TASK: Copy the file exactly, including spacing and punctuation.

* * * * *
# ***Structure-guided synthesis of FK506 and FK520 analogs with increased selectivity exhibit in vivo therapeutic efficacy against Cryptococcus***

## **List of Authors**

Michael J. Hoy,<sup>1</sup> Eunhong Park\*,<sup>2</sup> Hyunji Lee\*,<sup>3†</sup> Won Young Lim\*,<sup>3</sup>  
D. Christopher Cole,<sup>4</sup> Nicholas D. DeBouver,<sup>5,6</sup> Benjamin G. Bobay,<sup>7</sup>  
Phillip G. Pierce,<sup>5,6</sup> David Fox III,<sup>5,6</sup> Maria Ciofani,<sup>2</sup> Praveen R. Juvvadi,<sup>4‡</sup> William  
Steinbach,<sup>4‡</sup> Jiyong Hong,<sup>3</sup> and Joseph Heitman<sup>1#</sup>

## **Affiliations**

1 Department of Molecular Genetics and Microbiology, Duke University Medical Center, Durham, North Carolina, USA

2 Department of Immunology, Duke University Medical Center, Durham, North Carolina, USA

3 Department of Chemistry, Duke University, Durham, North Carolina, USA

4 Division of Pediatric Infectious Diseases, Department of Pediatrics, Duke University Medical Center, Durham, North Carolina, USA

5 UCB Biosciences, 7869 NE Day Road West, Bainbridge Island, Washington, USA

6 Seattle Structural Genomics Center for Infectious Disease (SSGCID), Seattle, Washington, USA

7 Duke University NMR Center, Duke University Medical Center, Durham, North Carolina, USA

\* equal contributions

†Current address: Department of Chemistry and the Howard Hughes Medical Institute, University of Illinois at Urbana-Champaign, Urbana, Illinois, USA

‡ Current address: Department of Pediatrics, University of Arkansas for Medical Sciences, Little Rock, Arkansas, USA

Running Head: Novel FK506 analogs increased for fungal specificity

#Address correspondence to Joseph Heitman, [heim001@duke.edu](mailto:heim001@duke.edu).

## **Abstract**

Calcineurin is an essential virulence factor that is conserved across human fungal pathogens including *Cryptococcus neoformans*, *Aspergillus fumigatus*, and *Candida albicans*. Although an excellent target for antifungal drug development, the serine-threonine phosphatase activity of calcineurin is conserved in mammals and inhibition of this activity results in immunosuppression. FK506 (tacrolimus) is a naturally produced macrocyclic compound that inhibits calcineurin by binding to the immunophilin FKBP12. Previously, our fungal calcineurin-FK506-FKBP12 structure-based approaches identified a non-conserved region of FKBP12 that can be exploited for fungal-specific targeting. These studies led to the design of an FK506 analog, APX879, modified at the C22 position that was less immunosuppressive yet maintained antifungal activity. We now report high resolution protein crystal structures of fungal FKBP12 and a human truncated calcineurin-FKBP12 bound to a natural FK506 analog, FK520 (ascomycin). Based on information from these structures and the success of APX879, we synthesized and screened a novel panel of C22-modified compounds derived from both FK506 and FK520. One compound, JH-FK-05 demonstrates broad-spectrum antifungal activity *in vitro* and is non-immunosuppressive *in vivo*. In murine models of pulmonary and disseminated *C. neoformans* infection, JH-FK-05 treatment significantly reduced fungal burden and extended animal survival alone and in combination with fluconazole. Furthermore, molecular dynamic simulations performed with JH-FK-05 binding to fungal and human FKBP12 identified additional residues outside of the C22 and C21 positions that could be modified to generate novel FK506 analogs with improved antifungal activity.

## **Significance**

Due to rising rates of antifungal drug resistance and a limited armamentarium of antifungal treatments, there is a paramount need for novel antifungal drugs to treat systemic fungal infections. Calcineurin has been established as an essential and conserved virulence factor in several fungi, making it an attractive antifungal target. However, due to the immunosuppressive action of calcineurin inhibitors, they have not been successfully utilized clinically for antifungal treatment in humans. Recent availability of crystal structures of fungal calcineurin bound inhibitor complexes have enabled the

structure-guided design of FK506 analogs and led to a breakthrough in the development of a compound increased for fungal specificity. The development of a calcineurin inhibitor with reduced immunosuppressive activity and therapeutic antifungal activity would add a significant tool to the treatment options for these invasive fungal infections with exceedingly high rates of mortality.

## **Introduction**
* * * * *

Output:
# ***Structure-guided synthesis of FK506 and FK520 analogs with increased selectivity exhibit in vivo therapeutic efficacy against Cryptococcus***

## **List of Authors**

Michael J. Hoy,<sup>1</sup> Eunhong Park\*,<sup>2</sup> Hyunji Lee\*,<sup>3†</sup> Won Young Lim\*,<sup>3</sup>  
D. Christopher Cole,<sup>4</sup> Nicholas D. DeBouver,<sup>5,6</sup> Benjamin G. Bobay,<sup>7</sup>  
Phillip G. Pierce,<sup>5,6</sup> David Fox III,<sup>5,6</sup> Maria Ciofani,<sup>2</sup> Praveen R. Juvvadi,<sup>4‡</sup> William  
Steinbach,<sup>4‡</sup> Jiyong Hong,<sup>3</sup> and Joseph Heitman<sup>1#</sup>

## **Affiliations**

1 Department of Molecular Genetics and Microbiology, Duke University Medical Center, Durham, North Carolina, USA

2 Department of Immunology, Duke University Medical Center, Durham, North Carolina, USA

3 Department of Chemistry, Duke University, Durham, North Carolina, USA

4 Division of Pediatric Infectious Diseases, Department of Pediatrics, Duke University Medical Center, Durham, North Carolina, USA

5 UCB Biosciences, 7869 NE Day Road West, Bainbridge Island, Washington, USA

6 Seattle Structural Genomics Center for Infectious Disease (SSGCID), Seattle, Washington, USA

7 Duke University NMR Center, Duke University Medical Center, Durham, North Carolina, USA

\* equal contributions

†Current address: Department of Chemistry and the Howard Hughes Medical Institute, University of Illinois at Urbana-Champaign, Urbana, Illinois, USA

‡ Current address: Department of Pediatrics, University of Arkansas for Medical Sciences, Little Rock, Arkansas, USA

Running Head: Novel FK506 analogs increased for fungal specificity

#Address correspondence to Joseph Heitman, [heim001@duke.edu](mailto:heim001@duke.edu).

## **Abstract**

Calcineurin is an essential virulence factor that is conserved across human fungal pathogens including *Cryptococcus neoformans*, *Aspergillus fumigatus*, and *Candida albicans*. Although an excellent target for antifungal drug development, the serine-threonine phosphatase activity of calcineurin is conserved in mammals and inhibition of this activity results in immunosuppression. FK506 (tacrolimus) is a naturally produced macrocyclic compound that inhibits calcineurin by binding to the immunophilin FKBP12. Previously, our fungal calcineurin-FK506-FKBP12 structure-based approaches identified a non-conserved region of FKBP12 that can be exploited for fungal-specific targeting. These studies led to the design of an FK506 analog, APX879, modified at the C22 position that was less immunosuppressive yet maintained antifungal activity. We now report high resolution protein crystal structures of fungal FKBP12 and a human truncated calcineurin-FKBP12 bound to a natural FK506 analog, FK520 (ascomycin). Based on information from these structures and the success of APX879, we synthesized and screened a novel panel of C22-modified compounds derived from both FK506 and FK520. One compound, JH-FK-05 demonstrates broad-spectrum antifungal activity *in vitro* and is non-immunosuppressive *in vivo*. In murine models of pulmonary and disseminated *C. neoformans* infection, JH-FK-05 treatment significantly reduced fungal burden and extended animal survival alone and in combination with fluconazole. Furthermore, molecular dynamic simulations performed with JH-FK-05 binding to fungal and human FKBP12 identified additional residues outside of the C22 and C21 positions that could be modified to generate novel FK506 analogs with improved antifungal activity.

## **Significance**

Due to rising rates of antifungal drug resistance and a limited armamentarium of antifungal treatments, there is a paramount need for novel antifungal drugs to treat systemic fungal infections. Calcineurin has been established as an essential and conserved virulence factor in several fungi, making it an attractive antifungal target. However, due to the immunosuppressive action of calcineurin inhibitors, they have not been successfully utilized clinically for antifungal treatment in humans. Recent availability of crystal structures of fungal calcineurin bound inhibitor complexes have enabled the

structure-guided design of FK506 analogs and led to a breakthrough in the development of a compound increased for fungal specificity. The development of a calcineurin inhibitor with reduced immunosuppressive activity and therapeutic antifungal activity would add a significant tool to the treatment options for these invasive fungal infections with exceedingly high rates of mortality.

## **Introduction**